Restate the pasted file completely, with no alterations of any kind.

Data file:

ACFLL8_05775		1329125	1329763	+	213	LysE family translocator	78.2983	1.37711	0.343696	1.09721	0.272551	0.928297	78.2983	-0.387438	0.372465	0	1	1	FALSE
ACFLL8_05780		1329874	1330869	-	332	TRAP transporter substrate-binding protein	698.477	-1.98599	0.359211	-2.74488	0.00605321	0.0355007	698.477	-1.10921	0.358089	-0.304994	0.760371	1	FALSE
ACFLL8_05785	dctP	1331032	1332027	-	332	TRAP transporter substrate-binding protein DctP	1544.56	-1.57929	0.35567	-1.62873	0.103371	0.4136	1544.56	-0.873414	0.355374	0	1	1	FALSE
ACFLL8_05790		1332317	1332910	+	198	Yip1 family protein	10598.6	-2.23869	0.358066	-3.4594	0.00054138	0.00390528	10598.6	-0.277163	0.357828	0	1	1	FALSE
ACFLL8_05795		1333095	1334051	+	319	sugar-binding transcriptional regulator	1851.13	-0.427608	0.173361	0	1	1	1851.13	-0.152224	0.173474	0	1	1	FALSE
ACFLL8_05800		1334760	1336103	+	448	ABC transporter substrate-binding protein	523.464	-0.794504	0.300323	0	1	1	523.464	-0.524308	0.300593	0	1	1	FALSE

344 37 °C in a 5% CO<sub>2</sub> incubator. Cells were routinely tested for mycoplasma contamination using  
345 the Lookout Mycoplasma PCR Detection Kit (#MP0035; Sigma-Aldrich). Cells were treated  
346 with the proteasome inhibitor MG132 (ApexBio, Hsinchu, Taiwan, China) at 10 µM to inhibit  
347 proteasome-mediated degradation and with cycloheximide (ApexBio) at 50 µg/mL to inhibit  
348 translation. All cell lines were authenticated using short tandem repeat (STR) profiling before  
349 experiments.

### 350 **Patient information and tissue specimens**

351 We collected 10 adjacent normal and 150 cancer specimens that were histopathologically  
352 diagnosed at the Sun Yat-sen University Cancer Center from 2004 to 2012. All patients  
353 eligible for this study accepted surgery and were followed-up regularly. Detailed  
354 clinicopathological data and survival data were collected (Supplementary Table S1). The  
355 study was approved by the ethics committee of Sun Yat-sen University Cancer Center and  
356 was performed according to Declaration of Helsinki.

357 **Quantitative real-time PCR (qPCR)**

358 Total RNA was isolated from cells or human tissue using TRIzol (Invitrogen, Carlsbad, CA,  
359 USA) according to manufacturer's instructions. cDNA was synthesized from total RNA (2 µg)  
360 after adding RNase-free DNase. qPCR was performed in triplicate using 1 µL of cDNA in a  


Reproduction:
ACFLL8_05775		1329125	1329763	+	213	LysE family translocator	78.2983	1.37711	0.343696	1.09721	0.272551	0.928297	78.2983	-0.387438	0.372465	0	1	1	FALSE
ACFLL8_05780		1329874	1330869	-	332	TRAP transporter substrate-binding protein	698.477	-1.98599	0.359211	-2.74488	0.00605321	0.0355007	698.477	-1.10921	0.358089	-0.304994	0.760371	1	FALSE
ACFLL8_05785	dctP	1331032	1332027	-	332	TRAP transporter substrate-binding protein DctP	1544.56	-1.57929	0.35567	-1.62873	0.103371	0.4136	1544.56	-0.873414	0.355374	0	1	1	FALSE
ACFLL8_05790		1332317	1332910	+	198	Yip1 family protein	10598.6	-2.23869	0.358066	-3.4594	0.00054138	0.00390528	10598.6	-0.277163	0.357828	0	1	1	FALSE
ACFLL8_05795		1333095	1334051	+	319	sugar-binding transcriptional regulator	1851.13	-0.427608	0.173361	0	1	1	1851.13	-0.152224	0.173474	0	1	1	FALSE
ACFLL8_05800		1334760	1336103	+	448	ABC transporter substrate-binding protein	523.464	-0.794504	0.300323	0	1	1	523.464	-0.524308	0.300593	0	1	1	FALSE

344 37 °C in a 5% CO<sub>2</sub> incubator. Cells were routinely tested for mycoplasma contamination using  
345 the Lookout Mycoplasma PCR Detection Kit (#MP0035; Sigma-Aldrich). Cells were treated  
346 with the proteasome inhibitor MG132 (ApexBio, Hsinchu, Taiwan, China) at 10 µM to inhibit  
347 proteasome-mediated degradation and with cycloheximide (ApexBio) at 50 µg/mL to inhibit  
348 translation. All cell lines were authenticated using short tandem repeat (STR) profiling before  
349 experiments.

### 350 **Patient information and tissue specimens**

351 We collected 10 adjacent normal and 150 cancer specimens that were histopathologically  
352 diagnosed at the Sun Yat-sen University Cancer Center from 2004 to 2012. All patients  
353 eligible for this study accepted surgery and were followed-up regularly. Detailed  
354 clinicopathological data and survival data were collected (Supplementary Table S1). The  
355 study was approved by the ethics committee of Sun Yat-sen University Cancer Center and  
356 was performed according to Declaration of Helsinki.

357 **Quantitative real-time PCR (qPCR)**

358 Total RNA was isolated from cells or human tissue using TRIzol (Invitrogen, Carlsbad, CA,  
359 USA) according to manufacturer's instructions. cDNA was synthesized from total RNA (2 µg)  
360 after adding RNase-free DNase. qPCR was performed in triplicate using 1 µL of cDNA in a  